is the simple fact of the matter, at least when it comes to the standardized tests. Worse still, some teachers with less forceful personalities resort to using rubrics in non-standardized assignments just to pre-empt complaints. This way of teaching writing is simply the path of least resistance. So long as your kids meet state or national standards, you get no pressure from administrative politics, and so long as your criteria are well defined, there’s no room for anyone to argue with you. The only teachers I had that did anything different had another job—teaching was a side gig they did for money.

        Ben above wrote a fine five paragraph essay.
        From a grade school perspective, it would be marked down for

        * One sentence paragraph
        * No clear topic statement in body paragraphs
        * conclusion does not begin by summarizing arguments
        * Should not use the words sketchy or whatever under any circumstances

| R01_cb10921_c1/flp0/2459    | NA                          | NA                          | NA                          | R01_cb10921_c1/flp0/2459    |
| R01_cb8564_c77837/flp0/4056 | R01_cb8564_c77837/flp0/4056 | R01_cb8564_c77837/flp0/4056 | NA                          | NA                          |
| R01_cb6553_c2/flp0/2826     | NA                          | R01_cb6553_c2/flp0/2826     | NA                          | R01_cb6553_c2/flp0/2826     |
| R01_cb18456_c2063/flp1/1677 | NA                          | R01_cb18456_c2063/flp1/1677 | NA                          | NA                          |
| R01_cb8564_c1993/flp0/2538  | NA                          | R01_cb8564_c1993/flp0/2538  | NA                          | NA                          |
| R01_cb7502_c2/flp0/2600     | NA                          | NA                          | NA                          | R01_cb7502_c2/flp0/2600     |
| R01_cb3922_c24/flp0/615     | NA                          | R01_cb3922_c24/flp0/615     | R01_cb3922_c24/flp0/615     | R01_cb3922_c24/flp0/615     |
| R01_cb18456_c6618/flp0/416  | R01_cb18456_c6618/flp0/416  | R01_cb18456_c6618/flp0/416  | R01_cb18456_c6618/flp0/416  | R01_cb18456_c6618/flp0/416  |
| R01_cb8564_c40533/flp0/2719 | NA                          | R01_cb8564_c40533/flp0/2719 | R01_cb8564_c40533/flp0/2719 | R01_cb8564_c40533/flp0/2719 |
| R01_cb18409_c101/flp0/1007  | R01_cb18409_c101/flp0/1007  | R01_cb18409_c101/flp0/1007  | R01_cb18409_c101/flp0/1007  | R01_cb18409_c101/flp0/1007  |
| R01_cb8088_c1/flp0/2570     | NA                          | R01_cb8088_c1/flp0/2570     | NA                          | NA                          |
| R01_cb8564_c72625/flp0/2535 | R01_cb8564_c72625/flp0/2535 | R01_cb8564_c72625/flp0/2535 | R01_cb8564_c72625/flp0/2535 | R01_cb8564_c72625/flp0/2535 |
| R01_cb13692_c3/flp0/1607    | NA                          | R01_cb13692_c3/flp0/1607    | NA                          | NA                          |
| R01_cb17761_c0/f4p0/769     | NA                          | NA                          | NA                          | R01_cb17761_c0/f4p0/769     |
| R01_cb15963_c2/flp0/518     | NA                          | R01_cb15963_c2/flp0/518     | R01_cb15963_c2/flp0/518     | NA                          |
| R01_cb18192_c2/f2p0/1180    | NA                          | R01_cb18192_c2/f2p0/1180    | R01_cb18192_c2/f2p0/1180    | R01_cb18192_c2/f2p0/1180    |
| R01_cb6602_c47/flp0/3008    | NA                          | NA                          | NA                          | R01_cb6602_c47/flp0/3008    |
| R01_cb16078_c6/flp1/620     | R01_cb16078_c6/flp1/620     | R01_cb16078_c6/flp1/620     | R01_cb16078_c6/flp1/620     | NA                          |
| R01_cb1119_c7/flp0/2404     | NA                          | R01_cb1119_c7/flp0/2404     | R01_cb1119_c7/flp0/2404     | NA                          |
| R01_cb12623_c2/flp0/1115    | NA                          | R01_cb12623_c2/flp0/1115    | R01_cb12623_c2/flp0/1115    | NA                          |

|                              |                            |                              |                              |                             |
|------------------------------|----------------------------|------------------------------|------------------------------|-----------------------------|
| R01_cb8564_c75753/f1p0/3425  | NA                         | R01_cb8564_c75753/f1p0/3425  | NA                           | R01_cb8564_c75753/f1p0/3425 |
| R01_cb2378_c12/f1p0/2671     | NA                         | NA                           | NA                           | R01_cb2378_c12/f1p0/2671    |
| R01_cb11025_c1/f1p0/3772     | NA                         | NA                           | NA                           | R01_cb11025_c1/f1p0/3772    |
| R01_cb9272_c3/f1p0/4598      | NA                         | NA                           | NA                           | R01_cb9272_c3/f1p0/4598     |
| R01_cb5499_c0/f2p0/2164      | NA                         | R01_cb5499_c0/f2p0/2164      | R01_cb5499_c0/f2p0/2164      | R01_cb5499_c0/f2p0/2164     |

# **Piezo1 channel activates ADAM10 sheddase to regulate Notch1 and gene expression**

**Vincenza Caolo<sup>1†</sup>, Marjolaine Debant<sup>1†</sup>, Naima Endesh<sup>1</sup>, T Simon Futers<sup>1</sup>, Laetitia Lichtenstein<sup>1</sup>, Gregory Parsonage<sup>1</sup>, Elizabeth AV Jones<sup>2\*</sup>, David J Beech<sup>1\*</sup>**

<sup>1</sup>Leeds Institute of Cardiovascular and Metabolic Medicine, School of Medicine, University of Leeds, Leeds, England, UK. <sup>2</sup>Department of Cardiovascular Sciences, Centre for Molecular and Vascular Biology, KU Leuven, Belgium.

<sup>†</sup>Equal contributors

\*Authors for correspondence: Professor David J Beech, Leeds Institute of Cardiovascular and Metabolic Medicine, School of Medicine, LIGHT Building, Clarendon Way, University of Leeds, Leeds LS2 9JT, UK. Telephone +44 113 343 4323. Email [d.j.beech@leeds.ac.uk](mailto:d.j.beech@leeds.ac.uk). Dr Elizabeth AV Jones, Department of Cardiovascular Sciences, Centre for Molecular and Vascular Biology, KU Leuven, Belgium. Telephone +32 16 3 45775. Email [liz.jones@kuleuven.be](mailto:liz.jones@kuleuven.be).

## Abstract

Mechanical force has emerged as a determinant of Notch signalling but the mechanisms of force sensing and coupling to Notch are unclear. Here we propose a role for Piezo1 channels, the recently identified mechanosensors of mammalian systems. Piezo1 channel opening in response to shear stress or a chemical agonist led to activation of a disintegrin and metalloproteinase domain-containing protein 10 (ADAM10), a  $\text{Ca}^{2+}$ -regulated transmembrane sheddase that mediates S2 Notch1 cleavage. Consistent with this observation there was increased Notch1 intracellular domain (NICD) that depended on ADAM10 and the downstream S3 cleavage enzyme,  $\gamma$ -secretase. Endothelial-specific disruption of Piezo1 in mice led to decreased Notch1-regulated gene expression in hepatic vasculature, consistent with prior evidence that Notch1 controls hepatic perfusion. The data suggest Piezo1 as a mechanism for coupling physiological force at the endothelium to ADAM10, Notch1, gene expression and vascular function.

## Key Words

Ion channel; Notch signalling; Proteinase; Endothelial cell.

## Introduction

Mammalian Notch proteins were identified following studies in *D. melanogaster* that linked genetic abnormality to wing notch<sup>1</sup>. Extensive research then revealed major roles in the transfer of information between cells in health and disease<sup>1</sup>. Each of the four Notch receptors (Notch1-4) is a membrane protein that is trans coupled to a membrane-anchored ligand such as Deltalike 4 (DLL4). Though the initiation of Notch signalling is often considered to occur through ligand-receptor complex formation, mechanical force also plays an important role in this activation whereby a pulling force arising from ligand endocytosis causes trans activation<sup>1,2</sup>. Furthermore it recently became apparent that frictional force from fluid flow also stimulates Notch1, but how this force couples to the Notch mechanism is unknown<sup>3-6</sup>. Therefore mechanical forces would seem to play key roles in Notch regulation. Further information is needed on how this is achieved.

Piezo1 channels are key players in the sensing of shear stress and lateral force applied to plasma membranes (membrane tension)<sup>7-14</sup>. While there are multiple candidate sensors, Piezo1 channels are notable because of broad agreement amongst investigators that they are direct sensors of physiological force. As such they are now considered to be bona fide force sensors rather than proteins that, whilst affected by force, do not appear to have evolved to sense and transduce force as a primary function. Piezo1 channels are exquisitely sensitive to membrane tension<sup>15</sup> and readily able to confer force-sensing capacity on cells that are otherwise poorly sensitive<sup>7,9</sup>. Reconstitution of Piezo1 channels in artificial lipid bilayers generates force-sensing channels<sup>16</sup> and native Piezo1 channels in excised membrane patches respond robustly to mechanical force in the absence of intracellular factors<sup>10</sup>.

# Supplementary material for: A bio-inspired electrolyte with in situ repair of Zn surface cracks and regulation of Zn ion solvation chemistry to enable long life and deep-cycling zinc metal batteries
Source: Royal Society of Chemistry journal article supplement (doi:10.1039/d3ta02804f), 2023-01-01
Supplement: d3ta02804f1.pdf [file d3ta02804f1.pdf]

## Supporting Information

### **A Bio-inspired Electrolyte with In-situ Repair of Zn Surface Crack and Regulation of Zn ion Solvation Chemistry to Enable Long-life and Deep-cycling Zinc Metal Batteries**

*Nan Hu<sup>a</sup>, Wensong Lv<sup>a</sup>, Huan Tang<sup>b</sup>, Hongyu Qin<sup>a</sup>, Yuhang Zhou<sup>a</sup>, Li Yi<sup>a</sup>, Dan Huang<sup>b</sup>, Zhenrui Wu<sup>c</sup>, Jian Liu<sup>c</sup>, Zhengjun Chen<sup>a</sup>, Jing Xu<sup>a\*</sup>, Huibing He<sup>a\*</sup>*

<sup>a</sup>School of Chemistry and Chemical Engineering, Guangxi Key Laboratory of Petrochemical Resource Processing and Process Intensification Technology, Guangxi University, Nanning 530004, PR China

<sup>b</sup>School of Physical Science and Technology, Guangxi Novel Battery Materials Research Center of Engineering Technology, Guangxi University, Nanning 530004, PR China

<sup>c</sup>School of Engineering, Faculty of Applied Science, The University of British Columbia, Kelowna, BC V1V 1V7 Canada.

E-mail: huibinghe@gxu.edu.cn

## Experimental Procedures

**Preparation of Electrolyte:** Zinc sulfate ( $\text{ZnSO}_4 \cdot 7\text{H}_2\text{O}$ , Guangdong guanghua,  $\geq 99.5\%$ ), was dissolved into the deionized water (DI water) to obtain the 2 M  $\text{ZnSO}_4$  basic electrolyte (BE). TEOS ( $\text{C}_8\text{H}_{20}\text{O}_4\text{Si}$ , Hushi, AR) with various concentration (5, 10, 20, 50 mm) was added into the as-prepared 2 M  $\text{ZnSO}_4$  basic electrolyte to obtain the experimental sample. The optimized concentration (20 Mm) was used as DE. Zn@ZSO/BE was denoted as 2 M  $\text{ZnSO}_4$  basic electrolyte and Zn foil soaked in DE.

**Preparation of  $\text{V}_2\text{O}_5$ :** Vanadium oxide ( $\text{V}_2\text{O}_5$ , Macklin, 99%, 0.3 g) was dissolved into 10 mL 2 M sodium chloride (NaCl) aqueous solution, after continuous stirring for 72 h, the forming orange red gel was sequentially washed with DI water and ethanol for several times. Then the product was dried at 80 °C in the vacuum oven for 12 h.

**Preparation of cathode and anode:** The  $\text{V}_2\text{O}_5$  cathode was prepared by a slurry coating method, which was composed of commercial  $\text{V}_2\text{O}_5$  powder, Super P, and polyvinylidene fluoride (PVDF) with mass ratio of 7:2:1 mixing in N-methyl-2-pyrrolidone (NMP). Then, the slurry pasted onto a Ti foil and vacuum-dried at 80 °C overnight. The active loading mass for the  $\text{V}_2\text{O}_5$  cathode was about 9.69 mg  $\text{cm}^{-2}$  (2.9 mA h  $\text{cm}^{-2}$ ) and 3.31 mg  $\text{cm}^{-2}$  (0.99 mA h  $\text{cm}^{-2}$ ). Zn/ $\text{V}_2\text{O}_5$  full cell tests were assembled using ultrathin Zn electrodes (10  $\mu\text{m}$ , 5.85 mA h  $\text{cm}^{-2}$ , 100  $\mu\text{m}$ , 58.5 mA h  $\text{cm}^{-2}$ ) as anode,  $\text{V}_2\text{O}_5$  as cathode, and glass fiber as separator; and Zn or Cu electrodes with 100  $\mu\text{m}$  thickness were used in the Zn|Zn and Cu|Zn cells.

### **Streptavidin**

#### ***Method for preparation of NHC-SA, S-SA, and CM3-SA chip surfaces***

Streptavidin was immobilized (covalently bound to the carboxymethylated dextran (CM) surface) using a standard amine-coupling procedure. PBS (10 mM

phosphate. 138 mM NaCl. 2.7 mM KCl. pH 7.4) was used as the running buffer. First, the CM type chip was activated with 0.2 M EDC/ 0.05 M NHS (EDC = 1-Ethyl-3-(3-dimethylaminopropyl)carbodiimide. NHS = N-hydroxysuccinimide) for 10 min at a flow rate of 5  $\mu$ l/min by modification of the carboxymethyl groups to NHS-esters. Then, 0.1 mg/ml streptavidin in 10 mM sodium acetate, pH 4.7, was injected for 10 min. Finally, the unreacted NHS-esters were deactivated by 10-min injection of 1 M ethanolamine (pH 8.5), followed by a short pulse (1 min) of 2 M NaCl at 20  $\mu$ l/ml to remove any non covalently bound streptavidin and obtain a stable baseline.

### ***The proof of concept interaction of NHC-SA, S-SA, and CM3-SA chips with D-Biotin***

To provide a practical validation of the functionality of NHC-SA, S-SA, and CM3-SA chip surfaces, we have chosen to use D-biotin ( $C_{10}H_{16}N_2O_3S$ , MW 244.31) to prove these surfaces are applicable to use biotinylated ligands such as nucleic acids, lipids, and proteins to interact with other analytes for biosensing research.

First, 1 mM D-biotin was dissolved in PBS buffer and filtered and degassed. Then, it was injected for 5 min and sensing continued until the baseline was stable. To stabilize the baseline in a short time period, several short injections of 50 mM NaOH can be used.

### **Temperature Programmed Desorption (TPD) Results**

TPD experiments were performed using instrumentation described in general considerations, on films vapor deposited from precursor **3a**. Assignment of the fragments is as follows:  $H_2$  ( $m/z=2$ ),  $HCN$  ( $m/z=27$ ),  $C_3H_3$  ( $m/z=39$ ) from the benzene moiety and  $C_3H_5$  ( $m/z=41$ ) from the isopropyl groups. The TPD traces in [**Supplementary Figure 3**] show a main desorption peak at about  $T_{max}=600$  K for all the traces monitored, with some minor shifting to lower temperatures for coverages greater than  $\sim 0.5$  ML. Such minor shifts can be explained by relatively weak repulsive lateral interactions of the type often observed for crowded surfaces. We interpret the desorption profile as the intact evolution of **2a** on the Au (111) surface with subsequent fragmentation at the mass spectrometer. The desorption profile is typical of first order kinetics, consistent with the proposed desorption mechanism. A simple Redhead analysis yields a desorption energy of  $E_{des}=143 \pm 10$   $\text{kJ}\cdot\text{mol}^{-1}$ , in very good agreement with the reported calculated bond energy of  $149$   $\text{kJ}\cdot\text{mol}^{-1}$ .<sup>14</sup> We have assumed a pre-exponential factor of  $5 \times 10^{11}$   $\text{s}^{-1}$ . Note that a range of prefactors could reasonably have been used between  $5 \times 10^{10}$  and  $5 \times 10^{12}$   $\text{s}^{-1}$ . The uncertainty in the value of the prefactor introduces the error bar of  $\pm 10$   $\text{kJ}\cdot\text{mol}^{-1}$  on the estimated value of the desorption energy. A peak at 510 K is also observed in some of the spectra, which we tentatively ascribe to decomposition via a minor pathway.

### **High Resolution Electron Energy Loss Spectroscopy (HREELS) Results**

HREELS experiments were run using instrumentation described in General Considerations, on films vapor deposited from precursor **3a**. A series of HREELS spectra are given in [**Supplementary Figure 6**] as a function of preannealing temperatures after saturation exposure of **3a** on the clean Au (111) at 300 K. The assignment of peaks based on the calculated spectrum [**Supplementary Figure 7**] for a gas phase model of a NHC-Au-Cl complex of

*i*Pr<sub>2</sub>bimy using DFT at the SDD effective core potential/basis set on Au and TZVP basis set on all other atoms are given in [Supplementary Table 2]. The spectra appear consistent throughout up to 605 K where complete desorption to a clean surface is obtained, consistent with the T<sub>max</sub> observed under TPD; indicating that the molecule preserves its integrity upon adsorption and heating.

Again, some of these rules are fine some of the time, but teaching kids nothing but five paragraph essays with nigh-identical rubrics for 12 years is simply asking for bad writers who are incapable of simply saying what they want to say. It felt like all my writing classes were leading up to my SAT essay (which I think they got rid of), the dominant strategy for which turned out to be prewriting an essay and memorizing it or putting it in your graphing calculator. Instead of form following content, it’s all form, ignore content altogether.

        • somebody says:

          side gig they did for money
          side gig they did for passion

        • Ben says:

          > it would be marked down for